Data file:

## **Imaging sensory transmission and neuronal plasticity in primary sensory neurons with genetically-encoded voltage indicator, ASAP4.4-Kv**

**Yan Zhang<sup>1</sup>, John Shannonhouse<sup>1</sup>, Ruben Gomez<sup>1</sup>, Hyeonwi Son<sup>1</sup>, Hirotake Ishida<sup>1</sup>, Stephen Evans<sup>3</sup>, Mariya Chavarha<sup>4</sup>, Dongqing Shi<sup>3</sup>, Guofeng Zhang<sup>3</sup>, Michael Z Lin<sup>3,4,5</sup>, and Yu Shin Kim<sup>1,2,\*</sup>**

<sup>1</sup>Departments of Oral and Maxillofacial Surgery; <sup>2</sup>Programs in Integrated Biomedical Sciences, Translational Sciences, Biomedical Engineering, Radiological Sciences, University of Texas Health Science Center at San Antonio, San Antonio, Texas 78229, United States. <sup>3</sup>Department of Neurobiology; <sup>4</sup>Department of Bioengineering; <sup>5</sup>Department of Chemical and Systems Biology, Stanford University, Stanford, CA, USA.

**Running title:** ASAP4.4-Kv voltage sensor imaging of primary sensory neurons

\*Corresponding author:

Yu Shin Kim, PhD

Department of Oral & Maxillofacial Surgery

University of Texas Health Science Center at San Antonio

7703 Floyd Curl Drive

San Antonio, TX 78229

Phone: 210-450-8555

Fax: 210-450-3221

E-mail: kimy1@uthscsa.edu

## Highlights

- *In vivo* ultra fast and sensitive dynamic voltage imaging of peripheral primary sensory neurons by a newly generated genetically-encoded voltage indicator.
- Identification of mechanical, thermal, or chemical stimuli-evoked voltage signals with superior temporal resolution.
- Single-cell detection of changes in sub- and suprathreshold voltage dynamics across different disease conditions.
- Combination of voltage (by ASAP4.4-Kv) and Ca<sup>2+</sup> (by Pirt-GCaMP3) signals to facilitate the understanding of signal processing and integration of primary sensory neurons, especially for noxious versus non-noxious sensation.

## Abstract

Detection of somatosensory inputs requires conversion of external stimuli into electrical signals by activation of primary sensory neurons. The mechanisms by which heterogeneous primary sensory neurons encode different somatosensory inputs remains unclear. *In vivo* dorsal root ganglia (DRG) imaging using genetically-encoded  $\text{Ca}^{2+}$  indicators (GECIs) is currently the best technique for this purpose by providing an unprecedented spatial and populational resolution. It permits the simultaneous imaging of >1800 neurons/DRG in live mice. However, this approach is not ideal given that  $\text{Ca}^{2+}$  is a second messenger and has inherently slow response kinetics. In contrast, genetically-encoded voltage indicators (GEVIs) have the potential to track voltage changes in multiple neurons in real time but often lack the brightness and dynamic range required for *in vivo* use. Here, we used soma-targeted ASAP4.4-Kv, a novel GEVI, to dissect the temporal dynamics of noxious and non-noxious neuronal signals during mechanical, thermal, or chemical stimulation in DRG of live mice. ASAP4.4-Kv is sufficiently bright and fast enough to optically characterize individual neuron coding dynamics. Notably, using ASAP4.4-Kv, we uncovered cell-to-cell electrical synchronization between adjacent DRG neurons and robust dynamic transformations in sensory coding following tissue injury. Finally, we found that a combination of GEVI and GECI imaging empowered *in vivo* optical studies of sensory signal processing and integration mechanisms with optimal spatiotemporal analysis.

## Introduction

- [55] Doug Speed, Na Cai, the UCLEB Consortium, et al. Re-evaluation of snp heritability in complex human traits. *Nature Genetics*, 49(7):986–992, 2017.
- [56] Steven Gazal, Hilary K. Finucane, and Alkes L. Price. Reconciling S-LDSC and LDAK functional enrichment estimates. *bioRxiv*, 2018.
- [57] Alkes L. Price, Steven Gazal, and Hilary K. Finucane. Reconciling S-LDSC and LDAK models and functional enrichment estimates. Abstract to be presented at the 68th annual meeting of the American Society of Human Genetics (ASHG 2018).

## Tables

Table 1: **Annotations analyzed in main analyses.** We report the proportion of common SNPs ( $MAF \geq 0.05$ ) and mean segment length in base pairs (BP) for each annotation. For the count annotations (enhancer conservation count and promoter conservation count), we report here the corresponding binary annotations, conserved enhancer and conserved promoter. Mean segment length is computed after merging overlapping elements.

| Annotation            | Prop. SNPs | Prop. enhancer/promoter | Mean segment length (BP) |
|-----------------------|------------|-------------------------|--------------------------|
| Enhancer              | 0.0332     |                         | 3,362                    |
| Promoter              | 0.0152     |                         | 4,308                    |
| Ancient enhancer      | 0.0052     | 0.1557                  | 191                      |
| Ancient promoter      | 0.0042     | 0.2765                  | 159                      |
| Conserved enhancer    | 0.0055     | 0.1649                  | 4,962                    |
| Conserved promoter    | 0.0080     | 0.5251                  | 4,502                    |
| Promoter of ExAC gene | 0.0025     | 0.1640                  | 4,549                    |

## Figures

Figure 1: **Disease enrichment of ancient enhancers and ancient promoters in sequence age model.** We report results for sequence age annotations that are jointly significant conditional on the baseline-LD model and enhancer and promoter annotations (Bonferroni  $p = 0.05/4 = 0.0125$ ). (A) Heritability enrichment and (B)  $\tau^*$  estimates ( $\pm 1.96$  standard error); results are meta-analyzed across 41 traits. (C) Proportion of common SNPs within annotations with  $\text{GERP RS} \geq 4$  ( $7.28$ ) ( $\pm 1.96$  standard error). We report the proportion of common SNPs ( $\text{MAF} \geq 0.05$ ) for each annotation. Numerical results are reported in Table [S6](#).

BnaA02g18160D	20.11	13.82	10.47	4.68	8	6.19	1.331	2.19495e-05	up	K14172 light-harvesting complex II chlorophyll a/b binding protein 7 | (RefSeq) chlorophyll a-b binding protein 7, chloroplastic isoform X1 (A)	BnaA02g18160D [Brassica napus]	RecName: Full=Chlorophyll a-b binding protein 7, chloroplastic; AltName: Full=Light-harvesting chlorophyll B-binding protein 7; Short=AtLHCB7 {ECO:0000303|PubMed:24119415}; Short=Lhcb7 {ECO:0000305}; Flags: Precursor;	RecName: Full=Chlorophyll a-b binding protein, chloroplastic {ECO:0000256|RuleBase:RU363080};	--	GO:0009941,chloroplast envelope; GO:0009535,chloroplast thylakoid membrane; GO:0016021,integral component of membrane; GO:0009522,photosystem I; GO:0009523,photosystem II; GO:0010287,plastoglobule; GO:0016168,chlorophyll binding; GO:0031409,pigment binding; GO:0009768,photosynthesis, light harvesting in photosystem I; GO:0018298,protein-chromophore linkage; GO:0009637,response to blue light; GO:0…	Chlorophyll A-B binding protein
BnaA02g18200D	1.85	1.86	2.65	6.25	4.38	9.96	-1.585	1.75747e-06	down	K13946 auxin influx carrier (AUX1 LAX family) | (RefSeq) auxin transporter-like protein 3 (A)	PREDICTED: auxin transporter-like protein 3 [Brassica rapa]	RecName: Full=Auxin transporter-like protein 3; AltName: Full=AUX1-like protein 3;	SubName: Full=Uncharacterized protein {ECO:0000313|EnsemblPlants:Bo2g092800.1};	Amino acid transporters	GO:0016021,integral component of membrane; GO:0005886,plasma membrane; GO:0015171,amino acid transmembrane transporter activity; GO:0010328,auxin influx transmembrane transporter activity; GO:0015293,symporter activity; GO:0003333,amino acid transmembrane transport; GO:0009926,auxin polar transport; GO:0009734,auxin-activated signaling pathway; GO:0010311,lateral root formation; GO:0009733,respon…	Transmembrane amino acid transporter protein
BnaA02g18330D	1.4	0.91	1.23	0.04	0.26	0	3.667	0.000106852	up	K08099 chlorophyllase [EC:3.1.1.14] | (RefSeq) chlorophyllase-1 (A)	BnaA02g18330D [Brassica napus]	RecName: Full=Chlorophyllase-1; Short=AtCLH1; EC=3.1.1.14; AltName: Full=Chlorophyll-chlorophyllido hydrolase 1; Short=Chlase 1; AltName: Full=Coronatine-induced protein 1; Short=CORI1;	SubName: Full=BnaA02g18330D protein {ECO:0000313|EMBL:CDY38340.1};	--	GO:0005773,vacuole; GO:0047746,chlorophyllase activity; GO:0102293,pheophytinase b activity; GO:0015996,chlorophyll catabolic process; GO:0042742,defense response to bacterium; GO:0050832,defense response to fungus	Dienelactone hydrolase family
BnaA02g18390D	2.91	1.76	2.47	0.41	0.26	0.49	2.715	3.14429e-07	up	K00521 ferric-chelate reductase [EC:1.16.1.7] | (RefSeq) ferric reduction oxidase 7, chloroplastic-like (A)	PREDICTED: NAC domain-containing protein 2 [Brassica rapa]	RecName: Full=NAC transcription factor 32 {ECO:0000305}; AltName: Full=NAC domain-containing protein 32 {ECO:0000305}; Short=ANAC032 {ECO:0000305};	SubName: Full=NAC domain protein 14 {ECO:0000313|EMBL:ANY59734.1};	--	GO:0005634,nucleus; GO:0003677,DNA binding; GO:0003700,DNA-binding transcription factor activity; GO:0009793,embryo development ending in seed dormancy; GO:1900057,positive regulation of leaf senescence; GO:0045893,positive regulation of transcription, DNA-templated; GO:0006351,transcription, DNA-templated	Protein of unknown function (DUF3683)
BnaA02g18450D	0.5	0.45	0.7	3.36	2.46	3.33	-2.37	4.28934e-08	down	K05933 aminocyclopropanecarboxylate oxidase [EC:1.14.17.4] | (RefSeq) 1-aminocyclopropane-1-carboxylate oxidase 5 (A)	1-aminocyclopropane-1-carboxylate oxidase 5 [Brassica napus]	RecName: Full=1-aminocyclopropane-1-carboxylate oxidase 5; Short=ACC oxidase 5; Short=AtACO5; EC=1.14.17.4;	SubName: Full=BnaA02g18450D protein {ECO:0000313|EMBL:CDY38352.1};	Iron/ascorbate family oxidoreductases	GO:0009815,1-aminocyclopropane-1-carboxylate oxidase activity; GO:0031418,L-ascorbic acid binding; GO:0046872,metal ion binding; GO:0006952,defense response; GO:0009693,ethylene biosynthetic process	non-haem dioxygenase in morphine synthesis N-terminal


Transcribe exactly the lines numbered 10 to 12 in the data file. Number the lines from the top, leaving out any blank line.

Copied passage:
San Antonio, TX 78229

Phone: 210-450-8555

Fax: 210-450-3221